Magic and monsters

28 11 2010

Continuing with the theme of entertainment-based flashbacks, which coming home always seems to trigger: Youthful lit is all the rage these days. The last two movies I saw were “Harry Potter and the Deathly Hallows” (version 7.1) and “Tangled,” a charming 3-D animated romp through ye olde “Rapunzel” story.  Both of the films were very entertaining, and most critics seem to agree with me. During the latter, I witnessed a promo for the remake of “The Chronicles of Narnia” that is coming out at some point.

Got me thinking about some of the things I read as a kid. Of particular note to me were the John Bellairs series of gothic mysteries. The stories themselves weren’t particularly childish, but as the story goes, Bellairs was advised to rework an early piece for young adults because they seemed to be the best audience. (Think: “Goosebumps” et al) They were so chilling and mysterious and atmospheric … I just loved them. Another one of Bellairs’ books, “The Face in the Frost,” is supposed to be really good, but I’ve never read it. That’s apparently the work he’s famous for, a dark fantasy that pokes fun at the genre even as it moves through a fast-paced classic storyline. Or so they say.

Before there was Harry Potter, there was Anthony Monday and Lewis whats-his-name and of course Johnny Dixon, whose father was away at war. The idea of a kid being away from his parents and forced to deal with a supernatural element is nothing new. Don’t we all face that same exact challenge — finding your way alone, as an independent individual? You have a choice to embrace it, avoid it, or resign yourself to a life of miserably accepting the futility of your meaningless existence. The Rapunzel story is pretty much the same. A girl escapes from her isolation in a tower and does what every girl learns to do: leave home, face the big, bad world and find an animated love interest voiced by Zachary Levi. And what a voice it is.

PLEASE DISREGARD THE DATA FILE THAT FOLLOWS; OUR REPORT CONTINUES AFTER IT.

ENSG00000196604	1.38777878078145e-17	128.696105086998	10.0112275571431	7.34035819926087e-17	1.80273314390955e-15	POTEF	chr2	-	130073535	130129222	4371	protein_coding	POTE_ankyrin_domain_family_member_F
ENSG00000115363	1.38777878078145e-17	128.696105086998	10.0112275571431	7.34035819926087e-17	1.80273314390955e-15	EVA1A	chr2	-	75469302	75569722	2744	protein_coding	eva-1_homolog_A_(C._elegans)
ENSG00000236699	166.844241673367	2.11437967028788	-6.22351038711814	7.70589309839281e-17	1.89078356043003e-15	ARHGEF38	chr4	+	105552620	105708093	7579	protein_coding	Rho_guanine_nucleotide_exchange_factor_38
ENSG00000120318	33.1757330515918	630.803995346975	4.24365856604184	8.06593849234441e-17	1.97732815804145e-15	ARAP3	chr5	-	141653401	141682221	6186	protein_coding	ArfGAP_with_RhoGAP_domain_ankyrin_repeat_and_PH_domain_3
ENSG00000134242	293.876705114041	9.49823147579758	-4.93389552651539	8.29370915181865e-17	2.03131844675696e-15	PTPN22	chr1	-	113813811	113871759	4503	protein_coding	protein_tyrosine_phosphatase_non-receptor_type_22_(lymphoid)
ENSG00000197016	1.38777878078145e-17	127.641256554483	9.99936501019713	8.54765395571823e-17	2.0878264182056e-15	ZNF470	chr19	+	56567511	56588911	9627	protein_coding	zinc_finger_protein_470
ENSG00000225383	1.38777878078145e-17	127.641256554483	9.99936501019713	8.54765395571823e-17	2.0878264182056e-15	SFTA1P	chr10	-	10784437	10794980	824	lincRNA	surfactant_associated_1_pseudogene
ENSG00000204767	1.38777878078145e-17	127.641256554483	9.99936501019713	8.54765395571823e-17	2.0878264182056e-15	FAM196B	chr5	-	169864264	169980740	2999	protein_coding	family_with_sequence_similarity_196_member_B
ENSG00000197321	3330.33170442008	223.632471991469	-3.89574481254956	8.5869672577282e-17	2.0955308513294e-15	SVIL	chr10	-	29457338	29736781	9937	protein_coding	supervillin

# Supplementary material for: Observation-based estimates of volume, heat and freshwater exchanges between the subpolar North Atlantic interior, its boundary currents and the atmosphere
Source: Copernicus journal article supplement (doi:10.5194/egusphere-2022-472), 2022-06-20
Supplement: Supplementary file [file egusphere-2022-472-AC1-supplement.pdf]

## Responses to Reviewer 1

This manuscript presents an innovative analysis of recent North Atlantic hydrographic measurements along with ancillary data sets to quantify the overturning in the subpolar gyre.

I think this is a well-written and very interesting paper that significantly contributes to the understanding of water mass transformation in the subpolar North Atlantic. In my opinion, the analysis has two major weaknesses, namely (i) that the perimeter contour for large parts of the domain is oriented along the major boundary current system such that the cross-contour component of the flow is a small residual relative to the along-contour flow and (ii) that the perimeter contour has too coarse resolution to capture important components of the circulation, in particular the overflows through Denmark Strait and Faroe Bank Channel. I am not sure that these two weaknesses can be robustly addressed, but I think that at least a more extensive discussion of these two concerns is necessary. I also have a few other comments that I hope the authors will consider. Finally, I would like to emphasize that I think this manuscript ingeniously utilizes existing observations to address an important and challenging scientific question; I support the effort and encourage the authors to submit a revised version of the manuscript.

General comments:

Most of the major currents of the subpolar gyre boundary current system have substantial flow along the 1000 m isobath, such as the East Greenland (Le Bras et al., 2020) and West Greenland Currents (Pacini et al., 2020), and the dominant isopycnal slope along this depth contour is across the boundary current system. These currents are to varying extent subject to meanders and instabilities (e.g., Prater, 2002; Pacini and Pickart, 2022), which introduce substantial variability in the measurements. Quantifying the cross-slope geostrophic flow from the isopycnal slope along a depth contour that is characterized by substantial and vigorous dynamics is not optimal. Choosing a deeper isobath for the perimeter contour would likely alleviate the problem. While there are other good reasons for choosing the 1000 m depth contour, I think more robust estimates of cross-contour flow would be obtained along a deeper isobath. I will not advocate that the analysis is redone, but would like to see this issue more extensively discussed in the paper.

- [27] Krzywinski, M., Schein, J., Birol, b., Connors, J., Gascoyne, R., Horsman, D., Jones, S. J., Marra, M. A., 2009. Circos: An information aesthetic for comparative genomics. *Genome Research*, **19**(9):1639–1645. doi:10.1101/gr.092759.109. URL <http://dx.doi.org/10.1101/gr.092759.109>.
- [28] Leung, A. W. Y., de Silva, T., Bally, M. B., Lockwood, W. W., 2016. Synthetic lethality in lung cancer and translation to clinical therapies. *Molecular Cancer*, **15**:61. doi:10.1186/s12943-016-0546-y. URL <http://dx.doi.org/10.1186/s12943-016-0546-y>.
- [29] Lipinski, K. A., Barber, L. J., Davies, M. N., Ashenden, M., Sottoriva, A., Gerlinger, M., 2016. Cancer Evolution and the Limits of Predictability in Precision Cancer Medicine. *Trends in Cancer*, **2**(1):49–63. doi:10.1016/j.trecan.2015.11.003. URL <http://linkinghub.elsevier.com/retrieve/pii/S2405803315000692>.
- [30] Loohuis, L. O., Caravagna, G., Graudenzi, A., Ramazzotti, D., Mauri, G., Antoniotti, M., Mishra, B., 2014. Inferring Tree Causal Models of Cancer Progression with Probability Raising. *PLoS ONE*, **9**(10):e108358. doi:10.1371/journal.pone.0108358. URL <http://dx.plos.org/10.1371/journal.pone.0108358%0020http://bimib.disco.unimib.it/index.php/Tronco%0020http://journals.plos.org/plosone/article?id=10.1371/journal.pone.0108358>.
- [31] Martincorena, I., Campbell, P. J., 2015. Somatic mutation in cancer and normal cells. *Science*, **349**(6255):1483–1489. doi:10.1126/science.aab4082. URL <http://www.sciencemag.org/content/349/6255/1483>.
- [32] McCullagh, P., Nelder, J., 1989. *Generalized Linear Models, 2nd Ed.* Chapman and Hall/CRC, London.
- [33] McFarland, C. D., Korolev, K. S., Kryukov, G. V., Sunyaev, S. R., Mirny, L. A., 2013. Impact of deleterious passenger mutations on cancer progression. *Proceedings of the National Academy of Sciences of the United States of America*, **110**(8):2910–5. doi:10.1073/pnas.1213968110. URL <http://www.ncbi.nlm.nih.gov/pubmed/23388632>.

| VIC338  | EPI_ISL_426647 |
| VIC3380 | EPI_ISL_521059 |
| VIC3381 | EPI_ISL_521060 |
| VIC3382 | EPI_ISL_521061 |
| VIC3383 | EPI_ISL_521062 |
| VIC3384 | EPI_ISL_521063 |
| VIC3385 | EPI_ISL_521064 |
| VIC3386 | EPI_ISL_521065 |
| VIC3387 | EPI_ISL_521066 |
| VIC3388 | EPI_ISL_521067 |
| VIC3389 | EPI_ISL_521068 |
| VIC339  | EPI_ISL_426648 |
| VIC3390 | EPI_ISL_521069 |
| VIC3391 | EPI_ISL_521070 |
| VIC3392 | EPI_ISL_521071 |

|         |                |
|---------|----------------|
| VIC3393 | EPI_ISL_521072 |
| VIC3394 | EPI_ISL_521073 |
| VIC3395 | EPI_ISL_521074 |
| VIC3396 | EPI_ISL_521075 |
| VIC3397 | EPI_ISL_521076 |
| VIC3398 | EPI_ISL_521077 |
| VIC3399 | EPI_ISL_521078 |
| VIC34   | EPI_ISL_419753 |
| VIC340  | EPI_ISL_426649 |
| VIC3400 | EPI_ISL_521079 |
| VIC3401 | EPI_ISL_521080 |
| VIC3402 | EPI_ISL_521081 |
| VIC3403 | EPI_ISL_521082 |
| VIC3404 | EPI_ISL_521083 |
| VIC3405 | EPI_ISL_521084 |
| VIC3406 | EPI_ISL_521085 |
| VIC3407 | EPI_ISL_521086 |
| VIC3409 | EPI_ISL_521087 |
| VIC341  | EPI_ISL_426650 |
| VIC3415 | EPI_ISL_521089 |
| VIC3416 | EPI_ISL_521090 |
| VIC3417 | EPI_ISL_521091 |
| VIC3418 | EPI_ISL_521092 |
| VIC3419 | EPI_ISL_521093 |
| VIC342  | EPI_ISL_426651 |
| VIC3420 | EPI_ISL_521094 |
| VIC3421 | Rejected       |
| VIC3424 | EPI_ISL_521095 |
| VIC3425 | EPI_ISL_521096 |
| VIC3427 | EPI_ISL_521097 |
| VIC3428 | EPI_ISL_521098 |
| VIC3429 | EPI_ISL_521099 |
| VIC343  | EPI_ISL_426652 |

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Reading stuff online

22 11 2010

I’m kind of fascinated by this whole “reading stuff online” thing. I’m currently checking out several electronic book platforms including readers, electronic print, iPhone apps, desktop sites and other venues. Reading the classics on my iPhone seems to be working OK for now, but I bet a larger screen would help. The question is, is it better to spring for an e-reader like a kindle, nook, literati or Sony model? Or just get a netbook instead? There’s at least a few versions for free. I can’t help but wonder if this will help fledgling authors build a following. Without further delay …

Online book sites of the day:

  • Wizard of Oz — nicely formatted for the PC screen, probably works on mobile as well. From an online library, which includes texts from …
  • Project Gutenberg — large source of classics, many now available on iPhone apps that serve up the classics. No excuses, folks.
  • Georgia Tech links to online math textbooks